CTX_MATE The CTX Loading, Salvage and Spill Reduction Program
It is not well known even by experienced tanker operators
that it is often possible to reduce spillage by a factor
of three or more, by simply listing and trimming the ship properly,
provided the crew react promptly and correctly
to the specific loading and damage situation they face,
For both operation and design purposes,
the tanker industry (and the CTX) requires a software package
that has the following capabilities.
A program that does all standard tanker loading and longitudinal strength calculations
based on shear force and bending moment allowables
but whose accuracy is not limited to small trim and heel situations.
It must work directly from hull and tank offsets (direct integration)
rather than relying on pre-computed tank tables.
It must be able to handle arbitrary hull forms and tank shapes.
It must automatically fill out standard tanker cargo survey reports.
A program that checks intact stability for any loading pattern,
computing both port and starboard righting arm curves
and checks compliance with the IMO Code on Intact Stability A749.
It should also display flooding limits.
It should calculate the roll radius of gyration.
Double hull tankers roll like pigs, especially in ballast.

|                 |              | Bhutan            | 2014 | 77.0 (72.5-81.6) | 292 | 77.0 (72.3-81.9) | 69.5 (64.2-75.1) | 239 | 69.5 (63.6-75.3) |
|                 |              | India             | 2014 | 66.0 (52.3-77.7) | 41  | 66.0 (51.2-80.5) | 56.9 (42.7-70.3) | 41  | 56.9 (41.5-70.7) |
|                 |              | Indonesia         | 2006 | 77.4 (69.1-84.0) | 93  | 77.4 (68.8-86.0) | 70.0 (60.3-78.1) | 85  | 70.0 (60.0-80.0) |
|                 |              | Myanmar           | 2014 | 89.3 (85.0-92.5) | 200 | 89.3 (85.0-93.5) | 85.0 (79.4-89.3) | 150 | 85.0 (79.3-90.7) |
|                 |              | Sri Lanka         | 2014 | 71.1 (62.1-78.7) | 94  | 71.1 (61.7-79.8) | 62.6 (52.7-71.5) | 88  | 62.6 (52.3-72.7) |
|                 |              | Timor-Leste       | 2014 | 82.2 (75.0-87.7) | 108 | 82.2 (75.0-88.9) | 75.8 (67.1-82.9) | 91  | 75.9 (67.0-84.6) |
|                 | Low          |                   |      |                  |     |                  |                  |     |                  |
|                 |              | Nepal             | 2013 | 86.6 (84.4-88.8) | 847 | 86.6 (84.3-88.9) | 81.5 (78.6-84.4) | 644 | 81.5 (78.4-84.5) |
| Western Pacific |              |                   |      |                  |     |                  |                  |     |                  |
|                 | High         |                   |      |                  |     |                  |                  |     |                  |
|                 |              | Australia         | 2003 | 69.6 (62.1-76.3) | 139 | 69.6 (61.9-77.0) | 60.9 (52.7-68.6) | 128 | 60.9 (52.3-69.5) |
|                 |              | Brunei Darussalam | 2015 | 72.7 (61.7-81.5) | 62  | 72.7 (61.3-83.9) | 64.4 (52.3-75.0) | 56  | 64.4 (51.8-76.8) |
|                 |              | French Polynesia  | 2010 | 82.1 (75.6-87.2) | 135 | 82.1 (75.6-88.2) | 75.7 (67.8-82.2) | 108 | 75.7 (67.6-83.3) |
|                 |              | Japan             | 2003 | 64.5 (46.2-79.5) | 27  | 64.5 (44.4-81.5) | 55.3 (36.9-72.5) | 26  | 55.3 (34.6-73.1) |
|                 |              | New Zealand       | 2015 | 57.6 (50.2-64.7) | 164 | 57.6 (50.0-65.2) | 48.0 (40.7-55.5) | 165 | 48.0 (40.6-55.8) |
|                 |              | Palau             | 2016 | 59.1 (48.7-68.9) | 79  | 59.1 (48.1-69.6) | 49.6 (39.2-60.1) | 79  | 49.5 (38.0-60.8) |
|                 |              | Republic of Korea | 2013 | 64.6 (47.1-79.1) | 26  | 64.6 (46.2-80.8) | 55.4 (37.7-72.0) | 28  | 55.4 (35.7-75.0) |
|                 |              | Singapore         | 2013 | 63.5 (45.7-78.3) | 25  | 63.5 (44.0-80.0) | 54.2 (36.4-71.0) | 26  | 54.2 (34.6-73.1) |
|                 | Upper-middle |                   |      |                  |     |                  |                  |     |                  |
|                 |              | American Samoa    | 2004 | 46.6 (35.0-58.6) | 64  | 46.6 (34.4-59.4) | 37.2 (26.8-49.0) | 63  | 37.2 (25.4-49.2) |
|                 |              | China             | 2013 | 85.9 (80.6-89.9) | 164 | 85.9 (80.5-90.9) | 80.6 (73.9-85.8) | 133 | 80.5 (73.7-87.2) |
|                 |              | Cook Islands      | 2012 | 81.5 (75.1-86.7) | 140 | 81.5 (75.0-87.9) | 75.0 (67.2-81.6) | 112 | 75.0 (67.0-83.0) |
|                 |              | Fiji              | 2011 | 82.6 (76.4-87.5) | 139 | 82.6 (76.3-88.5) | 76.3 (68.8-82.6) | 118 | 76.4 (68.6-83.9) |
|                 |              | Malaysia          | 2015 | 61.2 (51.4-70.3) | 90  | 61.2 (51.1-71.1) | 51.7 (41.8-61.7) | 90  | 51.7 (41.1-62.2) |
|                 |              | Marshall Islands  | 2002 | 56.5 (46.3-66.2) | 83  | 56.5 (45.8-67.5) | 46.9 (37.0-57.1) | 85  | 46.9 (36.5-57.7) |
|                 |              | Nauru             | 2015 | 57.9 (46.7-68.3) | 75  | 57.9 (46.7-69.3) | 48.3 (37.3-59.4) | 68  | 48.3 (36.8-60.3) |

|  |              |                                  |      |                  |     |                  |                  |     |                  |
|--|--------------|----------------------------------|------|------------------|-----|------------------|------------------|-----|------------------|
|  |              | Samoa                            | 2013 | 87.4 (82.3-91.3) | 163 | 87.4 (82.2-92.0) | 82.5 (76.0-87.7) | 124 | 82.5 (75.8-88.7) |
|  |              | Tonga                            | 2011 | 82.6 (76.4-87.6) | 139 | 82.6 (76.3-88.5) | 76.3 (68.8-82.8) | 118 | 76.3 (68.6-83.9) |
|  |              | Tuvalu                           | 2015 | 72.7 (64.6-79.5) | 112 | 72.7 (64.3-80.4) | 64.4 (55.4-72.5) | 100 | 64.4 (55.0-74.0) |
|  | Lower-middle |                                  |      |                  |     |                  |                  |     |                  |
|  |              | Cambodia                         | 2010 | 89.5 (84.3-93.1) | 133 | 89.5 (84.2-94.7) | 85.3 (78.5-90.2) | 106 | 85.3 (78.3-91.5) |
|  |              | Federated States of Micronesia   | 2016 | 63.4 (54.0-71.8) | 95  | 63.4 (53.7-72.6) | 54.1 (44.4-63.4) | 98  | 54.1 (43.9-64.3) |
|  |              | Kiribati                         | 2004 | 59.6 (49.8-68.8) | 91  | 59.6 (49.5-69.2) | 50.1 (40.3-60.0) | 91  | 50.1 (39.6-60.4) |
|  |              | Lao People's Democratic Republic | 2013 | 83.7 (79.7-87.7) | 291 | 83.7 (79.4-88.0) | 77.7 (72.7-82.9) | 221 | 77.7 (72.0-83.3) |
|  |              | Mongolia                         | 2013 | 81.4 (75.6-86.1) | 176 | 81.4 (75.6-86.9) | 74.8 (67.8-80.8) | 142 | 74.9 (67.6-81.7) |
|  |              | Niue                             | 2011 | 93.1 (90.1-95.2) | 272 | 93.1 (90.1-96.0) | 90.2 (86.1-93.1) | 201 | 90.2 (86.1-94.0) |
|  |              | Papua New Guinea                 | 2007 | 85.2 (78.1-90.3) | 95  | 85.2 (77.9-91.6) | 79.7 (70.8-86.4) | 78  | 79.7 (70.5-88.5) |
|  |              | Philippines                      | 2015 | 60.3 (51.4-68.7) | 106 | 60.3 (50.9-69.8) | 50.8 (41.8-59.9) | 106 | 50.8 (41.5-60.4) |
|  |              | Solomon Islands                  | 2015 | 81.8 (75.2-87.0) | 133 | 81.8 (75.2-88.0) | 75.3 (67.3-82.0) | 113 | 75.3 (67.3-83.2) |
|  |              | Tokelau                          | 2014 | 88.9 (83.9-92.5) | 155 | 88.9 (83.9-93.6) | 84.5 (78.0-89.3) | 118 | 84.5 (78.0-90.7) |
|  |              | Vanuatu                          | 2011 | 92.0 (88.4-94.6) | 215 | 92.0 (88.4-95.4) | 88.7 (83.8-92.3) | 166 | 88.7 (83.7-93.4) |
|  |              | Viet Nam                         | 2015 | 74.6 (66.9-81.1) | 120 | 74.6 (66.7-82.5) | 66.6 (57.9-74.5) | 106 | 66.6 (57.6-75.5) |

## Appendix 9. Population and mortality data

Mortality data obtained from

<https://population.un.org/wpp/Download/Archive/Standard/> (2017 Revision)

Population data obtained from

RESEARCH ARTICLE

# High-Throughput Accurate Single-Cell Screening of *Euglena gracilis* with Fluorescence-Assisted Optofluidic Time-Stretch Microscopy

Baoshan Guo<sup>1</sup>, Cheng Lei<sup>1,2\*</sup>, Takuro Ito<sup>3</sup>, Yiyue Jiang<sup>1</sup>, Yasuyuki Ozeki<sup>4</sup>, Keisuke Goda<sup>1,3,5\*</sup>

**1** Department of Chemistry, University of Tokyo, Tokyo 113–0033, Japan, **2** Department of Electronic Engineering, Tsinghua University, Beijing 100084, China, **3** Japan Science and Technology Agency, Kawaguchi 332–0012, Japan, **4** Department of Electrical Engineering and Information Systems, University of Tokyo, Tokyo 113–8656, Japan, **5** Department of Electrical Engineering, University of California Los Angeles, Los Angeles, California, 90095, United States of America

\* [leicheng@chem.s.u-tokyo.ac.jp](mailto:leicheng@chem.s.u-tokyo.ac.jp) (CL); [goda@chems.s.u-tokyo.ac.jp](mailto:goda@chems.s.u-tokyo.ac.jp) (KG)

The main cause of this is the high roll radius of gyration.
The program should gives the crew the information they need
to minimize this quantity.
The program should also compute the pitch radius of gyration
which can be useful input to vessel motions studies,
SBM mooring analyses and the like.
The program should check compliance with IMO Regulation 25 on subdivision and stability.
It should also check stability and flooding
for the raking damage mandated by IMO Reg 13F.
The program must also serve as a salvage program.
Given the location and extent of damage,
it should compute changes in the location (and amount for
damaged tanks) of liquid in the tanks and damaged compartments.
Free surface effects should be computed by direct integration,
not from estimates of waterplane inertia.
These estimates can be grossly wrong in many tanker damage situations.
In the case of the unusually shaped ballast tanks in double hull tankers,
they can be grossly wrong without any damage.
Damage and spill analysis must be an extension of the normal use of the program.
so there is no need to change to an unfamiliar,
at best incompletely tested program in the middle of a crisis.
There can be no delay prone, error prone communication